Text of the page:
10 Things You Absolutely Must See at the Royal B.C. Museum
Visiting the Royal B.C. Museum, but tight on time? Here are the 10 things you absolutely must see!
Our Living Languages Exhibit
This interactive exhibit on Indigenous languages earned the Royal British Columbia Museum the 2015 American Alliance of Museum Excellence in Exhibition Competition award. Here, you’ll walk through a colourful language “forest,” where you’ll be greeted in 34 of the Indigenous languages spoken in the province, and hear stories and lullabies. The art, video and audio installations paint a captivating picture of what Indigenous communities are doing to preserve their linguistic heritage, and why this resilience is worth celebrating.
The Giant Mammoth
Ask any child (or child at heart) what the most memorable part of their visit to the Royal B.C. Museum was, and they’ll likely gush about the full-size Mammoth, appropriately named “Woolly.” Displayed in a beautiful giant Ice Age maquette, it’s easy to imagine this glorious beast wandering around Vancouver Island thousands of years ago.
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The HMS Discovery replica
Captain George Vancouver, the provincial capital’s namesake, came ashore at Yuquot, B.C., on the HMS Discovery in 1778. In this replica of his vessel, you can man the Captain’s quarters and pull up a seat at the table used for everything from meals to map-making—and even surgery! Surrounding the replica is a rendering of the landscape of Yuquot, drawn by an artist among the ship’s original crew.
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The George Vancouver Portrait
Only two portraits of Captain George Vancouver are known to exist, and one of them resides at the Royal B.C. Museum (above). The other—the original from which this reproduction was based— can be found at the British National Portrait Gallery. (Check out more must-see London attractions worth adding to your bucket list.) This one was donated to the museum in 1901, and finally put on display in 2018 after a century in mothballs. To this day, the identities of the artists who painted both remain a mystery. Check out more unsolved mysteries of the art world.
The Old Town
Ever wonder what it would have been like to stroll through the streets of Victoria at the turn of the century? The Royal B.C. Museum gives you the chances in in “Old Town,” a replica streetscape that helps tell the story of B.C.’s urban development. Here, you can visit the Grand Hotel, modelled after the Nanaimo Royal Hotel circa 1890; as well as the Salmon River Livery, based on the Esquimalt I.X.L. Livery from 1900. Don’t miss the two Columbia printing presses, either: dating back to 1899, they’re among the oldest manual presses in the province.
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Established in 1941, Thunderbird Park is filled with totem poles from the province’s First Nations. Today, the original totem poles have either been moved inside the Royal B.C. Museum to preserve them or given back to their communities and replaced with duplicates from master carvers like Mungo Martin, Henry Hunt and Tim Paul, crafted in the museum’s on-site carving studio.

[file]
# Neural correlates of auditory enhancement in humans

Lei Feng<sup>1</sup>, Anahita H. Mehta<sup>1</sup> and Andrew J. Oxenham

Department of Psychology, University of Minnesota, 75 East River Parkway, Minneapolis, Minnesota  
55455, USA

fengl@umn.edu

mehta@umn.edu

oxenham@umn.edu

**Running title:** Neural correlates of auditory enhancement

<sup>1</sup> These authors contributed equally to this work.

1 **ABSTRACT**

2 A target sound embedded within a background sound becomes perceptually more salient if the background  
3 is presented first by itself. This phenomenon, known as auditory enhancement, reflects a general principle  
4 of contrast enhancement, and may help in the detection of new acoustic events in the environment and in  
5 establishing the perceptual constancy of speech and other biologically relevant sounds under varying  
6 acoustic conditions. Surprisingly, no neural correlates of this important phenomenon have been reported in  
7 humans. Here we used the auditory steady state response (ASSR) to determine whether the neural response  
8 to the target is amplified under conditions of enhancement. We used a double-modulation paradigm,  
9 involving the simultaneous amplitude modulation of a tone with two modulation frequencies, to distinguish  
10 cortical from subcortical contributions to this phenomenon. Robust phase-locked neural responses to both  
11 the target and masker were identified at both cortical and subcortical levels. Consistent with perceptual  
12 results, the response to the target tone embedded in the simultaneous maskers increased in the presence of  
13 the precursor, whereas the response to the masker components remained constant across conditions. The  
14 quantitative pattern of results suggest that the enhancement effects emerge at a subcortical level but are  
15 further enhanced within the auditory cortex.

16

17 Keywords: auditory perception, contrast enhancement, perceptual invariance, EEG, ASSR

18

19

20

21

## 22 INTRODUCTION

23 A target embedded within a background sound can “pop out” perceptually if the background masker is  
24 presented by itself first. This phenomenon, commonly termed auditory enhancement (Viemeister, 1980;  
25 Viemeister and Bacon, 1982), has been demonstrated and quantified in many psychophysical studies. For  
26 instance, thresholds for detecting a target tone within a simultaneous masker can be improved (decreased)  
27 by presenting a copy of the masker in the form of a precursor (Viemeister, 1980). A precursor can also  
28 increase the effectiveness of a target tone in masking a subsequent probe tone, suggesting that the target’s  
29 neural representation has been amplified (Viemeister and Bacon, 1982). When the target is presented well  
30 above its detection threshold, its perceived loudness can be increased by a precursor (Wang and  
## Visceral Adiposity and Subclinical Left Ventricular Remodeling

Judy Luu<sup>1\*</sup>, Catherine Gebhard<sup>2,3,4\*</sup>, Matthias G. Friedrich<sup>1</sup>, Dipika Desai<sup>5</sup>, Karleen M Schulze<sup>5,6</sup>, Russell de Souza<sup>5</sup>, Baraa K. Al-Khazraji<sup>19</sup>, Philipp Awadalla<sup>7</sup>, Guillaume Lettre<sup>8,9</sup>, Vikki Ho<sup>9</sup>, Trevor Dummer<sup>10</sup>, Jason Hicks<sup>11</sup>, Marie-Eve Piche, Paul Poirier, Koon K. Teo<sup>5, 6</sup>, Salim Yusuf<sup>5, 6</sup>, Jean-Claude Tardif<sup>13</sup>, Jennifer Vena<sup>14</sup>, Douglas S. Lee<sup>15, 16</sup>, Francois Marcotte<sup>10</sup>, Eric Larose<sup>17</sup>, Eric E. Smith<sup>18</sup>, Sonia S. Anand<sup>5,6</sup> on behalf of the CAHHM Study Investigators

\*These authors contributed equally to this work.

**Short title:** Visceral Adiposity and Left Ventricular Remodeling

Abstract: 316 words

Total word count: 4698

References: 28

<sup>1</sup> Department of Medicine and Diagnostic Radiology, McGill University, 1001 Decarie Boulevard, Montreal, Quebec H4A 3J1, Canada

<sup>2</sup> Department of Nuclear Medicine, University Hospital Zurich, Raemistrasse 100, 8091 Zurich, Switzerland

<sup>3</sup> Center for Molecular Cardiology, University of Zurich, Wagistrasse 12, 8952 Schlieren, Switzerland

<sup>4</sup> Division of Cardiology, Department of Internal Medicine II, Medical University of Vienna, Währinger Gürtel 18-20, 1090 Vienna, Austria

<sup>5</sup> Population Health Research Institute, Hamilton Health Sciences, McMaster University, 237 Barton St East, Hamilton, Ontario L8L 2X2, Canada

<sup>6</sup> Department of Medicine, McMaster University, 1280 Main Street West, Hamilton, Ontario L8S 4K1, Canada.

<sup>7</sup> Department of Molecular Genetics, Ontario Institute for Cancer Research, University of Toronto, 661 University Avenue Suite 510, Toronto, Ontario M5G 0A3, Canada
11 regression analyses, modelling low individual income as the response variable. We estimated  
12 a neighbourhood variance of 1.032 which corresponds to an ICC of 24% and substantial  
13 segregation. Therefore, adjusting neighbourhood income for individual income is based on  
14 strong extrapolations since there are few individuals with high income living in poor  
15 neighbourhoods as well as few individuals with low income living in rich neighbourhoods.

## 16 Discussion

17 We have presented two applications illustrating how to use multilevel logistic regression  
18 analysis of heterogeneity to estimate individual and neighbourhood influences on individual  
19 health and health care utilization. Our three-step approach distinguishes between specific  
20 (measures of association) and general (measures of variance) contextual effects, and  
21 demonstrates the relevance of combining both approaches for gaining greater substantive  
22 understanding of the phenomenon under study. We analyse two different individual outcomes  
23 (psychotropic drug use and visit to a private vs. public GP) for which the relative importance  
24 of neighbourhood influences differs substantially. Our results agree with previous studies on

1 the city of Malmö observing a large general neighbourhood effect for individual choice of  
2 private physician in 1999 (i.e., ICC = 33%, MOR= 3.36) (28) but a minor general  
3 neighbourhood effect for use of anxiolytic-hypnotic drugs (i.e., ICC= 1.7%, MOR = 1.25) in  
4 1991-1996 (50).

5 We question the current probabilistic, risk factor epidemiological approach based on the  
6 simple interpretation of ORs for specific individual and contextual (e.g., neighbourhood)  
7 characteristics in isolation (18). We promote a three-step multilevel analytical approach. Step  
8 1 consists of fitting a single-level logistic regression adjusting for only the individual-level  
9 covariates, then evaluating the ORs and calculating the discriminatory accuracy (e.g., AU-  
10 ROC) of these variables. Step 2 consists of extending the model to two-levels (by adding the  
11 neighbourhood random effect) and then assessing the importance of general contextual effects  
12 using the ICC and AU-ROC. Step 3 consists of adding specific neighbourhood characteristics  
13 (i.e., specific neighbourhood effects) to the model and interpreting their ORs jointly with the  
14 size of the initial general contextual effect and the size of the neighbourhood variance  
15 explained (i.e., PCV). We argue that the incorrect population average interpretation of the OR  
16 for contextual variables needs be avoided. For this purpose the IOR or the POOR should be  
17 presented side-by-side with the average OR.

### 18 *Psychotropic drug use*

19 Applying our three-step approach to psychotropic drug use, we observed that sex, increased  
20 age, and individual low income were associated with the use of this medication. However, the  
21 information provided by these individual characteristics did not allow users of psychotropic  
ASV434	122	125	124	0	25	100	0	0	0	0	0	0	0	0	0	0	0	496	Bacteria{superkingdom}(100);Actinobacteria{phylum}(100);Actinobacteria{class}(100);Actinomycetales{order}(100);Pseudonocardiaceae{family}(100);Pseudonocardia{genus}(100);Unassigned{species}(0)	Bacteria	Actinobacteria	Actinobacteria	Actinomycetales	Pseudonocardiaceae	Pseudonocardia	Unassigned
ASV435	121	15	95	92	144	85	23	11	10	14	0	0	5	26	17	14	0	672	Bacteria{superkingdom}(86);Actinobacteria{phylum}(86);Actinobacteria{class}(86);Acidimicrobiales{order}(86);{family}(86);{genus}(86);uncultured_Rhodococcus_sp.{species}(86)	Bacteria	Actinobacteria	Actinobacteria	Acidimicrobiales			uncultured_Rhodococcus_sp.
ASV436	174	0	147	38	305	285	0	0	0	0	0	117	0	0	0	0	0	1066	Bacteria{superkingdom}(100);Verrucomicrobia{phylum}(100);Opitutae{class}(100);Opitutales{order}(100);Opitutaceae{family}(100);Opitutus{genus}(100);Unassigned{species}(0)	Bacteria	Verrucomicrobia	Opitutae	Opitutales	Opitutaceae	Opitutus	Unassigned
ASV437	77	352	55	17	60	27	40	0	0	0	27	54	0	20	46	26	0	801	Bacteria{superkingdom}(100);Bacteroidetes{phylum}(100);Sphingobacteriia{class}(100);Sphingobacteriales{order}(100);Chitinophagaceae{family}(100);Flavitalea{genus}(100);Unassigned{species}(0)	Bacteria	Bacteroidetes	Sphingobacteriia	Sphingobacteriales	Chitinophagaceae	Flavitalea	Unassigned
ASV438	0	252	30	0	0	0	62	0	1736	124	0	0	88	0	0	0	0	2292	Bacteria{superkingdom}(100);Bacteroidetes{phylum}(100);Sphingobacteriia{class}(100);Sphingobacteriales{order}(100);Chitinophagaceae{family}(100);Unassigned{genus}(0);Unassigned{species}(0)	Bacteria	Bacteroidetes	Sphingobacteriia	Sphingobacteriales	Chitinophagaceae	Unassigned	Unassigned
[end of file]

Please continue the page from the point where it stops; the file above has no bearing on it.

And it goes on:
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Mungo Martin House
In addition to the impressive totem poles, Thunderbird Park also features Wawadit’la—the former home of master carver Mungo Martin. Wawadit’la bears the hereditary crest of the master carver’s family and serves as both a meeting point for urban Indigenous people as well as a place where visitors can learn about B.C.’s First Nations heritage.
This glorious boat is considered the crown jewel of the Royal B.C. Museum’s First People’s exhibit. Canoes are an important part of culture and intertribal relations of Canada’s Indigenous peoples as they served as transportation for resource-gathering and trade. This particular canoe was used by a 19th-century Coast Salish chief to travel in the Victoria area.
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The IMAX Theatre
Not only is the IMAX screen at the Royal B.C. Museum the largest in the province, but it’s also one of only 35 IMAX 4K Laser Projection Systems in the world. Throw in 12-channel surround sound, and audiences become fully immersed in the film—whether it’s an IMAX doc or a Hollywood blockbuster. Travel tip: Movie tickets are sold separately from the museum’s entry.
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The B.C. Archives
The Royal B.C. Museum is also home to the B.C. Archives, where visitors can trace their family histories through the province’s historical records. Between the wealth of photos, print documents, maps and drawings, you’re sure to dig up some gems—and they’re available online, too!
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